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WASHINGTON- Adding fuel to the fire of controversy over Sinclair Broadcast Group’s decision to air a documentary critical of presidential candidate John Kerry, powerhouse attorney and Democratic party donor William S. Lerach sent a letter today to the news company calling the broadcast plan “reckless,” alleging insider trading by officers and threatening a shareholder lawsuit.
Citing Sinclair’s “dismal performance” over the past year, Lerach noted that the stock lost 50 percent of its value and substantially under-performed the Nasdaq and Broadcasting and Cable TV indexes.
The letter of demand, obtained by WND, stated, “In light of the collapse of Sinclair’s stock price and the apparent insider trading of senior executives and board members, we are also dismayed at the company’s seemingly politically motivated determination to air a program that from all reports is a politically partisan criticism of one of the candidates for president.”
The letter warned of additional stock decline and additional damage to the company’s reputation and success.
“Our clients are more interested in the success of the company than they are in the political views of Sinclair’s executives or Board of Directors,” Lerach wrote, “and we are extremely concerned at the firestorm Sinclair has ignited – especially the boycott of Sinclair’s advertisers as indicated at www.boycotsbg.com and www.stopsinclair.org.”
Lerach called a press conference today and public relations firm Fenton Communications provided a graph showing sales of over 1.3 million shares at a value of over $18.6 million by the three Smith brothers, who are contributors to the Republican Party. The shares were sold between Dec. 23, 2003, and April 7. Lerach wrote that most of the sales took place near the stock’s 52-week high of almost $15.50 per share. The letter also stated that for Sinclair Director Robert E. Smith and Vice President J. Duncan Smith the sales respresented almost 100 percent of their Sinclair holdings. Vice President Frederick Smith’s sales were stated as 15 percent of his total holdings.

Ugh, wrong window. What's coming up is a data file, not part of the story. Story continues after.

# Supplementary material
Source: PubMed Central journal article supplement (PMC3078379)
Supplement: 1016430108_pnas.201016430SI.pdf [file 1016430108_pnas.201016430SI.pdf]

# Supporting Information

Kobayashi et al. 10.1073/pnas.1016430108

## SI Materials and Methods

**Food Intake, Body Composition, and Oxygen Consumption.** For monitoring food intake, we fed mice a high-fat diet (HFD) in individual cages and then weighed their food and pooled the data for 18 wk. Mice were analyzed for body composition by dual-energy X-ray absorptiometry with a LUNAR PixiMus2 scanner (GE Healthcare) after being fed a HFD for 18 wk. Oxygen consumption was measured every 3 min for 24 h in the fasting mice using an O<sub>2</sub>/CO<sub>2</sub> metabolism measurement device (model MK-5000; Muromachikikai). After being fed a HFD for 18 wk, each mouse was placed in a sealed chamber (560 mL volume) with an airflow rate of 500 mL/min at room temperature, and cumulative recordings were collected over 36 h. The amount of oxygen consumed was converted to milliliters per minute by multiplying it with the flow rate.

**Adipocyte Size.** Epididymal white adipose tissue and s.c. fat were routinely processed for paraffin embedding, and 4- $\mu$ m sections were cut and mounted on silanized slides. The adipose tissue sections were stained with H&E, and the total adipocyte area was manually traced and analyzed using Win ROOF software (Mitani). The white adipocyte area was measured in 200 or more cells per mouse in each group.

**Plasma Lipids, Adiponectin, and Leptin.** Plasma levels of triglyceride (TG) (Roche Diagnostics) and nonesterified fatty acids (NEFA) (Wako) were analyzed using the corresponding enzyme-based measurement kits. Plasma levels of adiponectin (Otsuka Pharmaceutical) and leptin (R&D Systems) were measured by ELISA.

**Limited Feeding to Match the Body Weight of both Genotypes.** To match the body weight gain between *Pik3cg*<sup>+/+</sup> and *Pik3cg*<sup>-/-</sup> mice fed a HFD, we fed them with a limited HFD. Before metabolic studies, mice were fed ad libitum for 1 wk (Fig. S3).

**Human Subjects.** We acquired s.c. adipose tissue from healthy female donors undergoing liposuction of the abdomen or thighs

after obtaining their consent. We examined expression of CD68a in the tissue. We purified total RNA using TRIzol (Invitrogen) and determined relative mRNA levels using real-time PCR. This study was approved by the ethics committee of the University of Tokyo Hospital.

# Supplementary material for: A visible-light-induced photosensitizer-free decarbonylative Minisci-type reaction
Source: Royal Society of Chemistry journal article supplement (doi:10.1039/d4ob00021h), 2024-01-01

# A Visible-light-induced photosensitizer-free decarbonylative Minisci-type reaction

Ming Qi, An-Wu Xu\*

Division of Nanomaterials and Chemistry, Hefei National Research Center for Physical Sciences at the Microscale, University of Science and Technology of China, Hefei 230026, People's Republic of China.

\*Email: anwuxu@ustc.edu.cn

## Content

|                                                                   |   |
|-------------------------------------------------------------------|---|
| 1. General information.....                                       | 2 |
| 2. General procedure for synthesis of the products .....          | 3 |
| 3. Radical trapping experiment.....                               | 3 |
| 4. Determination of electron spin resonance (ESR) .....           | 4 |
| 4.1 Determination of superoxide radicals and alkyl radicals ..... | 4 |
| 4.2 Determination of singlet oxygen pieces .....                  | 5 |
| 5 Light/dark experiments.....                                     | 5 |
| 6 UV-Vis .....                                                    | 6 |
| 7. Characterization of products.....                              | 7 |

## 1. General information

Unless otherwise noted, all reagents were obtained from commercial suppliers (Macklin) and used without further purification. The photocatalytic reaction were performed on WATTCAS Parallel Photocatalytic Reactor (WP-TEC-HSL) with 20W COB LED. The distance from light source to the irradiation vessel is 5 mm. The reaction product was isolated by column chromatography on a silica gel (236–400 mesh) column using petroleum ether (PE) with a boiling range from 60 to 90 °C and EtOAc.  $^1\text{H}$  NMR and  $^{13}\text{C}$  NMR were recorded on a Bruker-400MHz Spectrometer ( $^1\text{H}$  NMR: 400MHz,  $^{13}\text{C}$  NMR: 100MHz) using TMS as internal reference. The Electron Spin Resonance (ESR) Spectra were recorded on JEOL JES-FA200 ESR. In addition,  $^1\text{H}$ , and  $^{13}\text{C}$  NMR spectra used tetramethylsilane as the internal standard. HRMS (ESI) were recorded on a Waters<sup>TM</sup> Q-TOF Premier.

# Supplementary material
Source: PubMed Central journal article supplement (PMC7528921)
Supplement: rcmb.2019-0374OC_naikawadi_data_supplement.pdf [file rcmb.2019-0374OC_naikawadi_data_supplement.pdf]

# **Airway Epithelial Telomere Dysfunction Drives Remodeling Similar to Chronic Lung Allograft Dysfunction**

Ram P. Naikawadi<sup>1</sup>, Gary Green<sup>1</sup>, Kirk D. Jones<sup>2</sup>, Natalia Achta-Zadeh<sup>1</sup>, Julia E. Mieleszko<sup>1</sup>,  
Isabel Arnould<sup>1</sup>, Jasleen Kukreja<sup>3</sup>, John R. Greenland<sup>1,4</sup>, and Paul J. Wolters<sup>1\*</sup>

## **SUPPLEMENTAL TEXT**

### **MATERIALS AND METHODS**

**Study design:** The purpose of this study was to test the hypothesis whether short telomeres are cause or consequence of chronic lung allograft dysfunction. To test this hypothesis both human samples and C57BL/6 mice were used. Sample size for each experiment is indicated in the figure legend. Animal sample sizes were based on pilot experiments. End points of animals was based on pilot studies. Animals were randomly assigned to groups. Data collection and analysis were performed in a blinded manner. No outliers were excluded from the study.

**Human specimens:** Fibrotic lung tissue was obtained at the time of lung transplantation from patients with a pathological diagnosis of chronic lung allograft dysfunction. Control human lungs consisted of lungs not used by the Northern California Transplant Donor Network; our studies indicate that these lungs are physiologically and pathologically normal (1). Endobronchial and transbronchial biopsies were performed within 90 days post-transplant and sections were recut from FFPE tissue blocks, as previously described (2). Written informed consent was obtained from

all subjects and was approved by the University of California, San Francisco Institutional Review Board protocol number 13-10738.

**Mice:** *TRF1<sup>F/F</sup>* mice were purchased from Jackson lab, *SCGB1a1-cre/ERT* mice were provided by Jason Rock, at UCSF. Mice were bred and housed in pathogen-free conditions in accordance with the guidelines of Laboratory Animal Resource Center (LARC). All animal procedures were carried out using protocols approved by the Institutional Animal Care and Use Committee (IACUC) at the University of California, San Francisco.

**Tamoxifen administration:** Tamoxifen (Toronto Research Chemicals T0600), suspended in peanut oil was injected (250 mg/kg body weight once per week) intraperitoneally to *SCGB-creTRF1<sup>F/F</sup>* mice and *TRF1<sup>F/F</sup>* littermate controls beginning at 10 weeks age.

When asked what inside knowledge the officers allegedly were trading on, Bill Hamilton of Fenton Communications said, “I don’t think the lawyers would be willing to speculate publicly at this point, but if/when the case gets to depositions it is a point they likely would press.”
On behalf of Sinclair shareholders, Lerach is demanding that the company commence legal proceedings against the Smiths for breaches of fiduciary duties, including allegedly causing the company to issue false statements, and for engaging in insider selling, “exposing the company and its shareholders to tens of millions of dollars in potential liability.”
Lerach also referenced the move by Wachovia and Bear Stearns to downgrade the stock and the share price.
“Surely, this is not in the shareholders’ best interests, and this reckless use of company assets – air time – should be abandoned to prevent further harm to Sinclair’s reputation and its advertisers,” Lerach wrote.
Calling the move to air “Stolen Honor” “reckless,” Lerach warned that the decision should be abandoned to prevent further harm to Sinclair’s reputation and its advertisers.
“The expense and impact of this scandal will surely be the topic of many questions from analysts on the Nov. 4th call and we are extremely concerned that it will lead to additional downward pressure on Sinclair’s stock price, as well as additional damage to the company’s reputation and success,” Lerach wrote.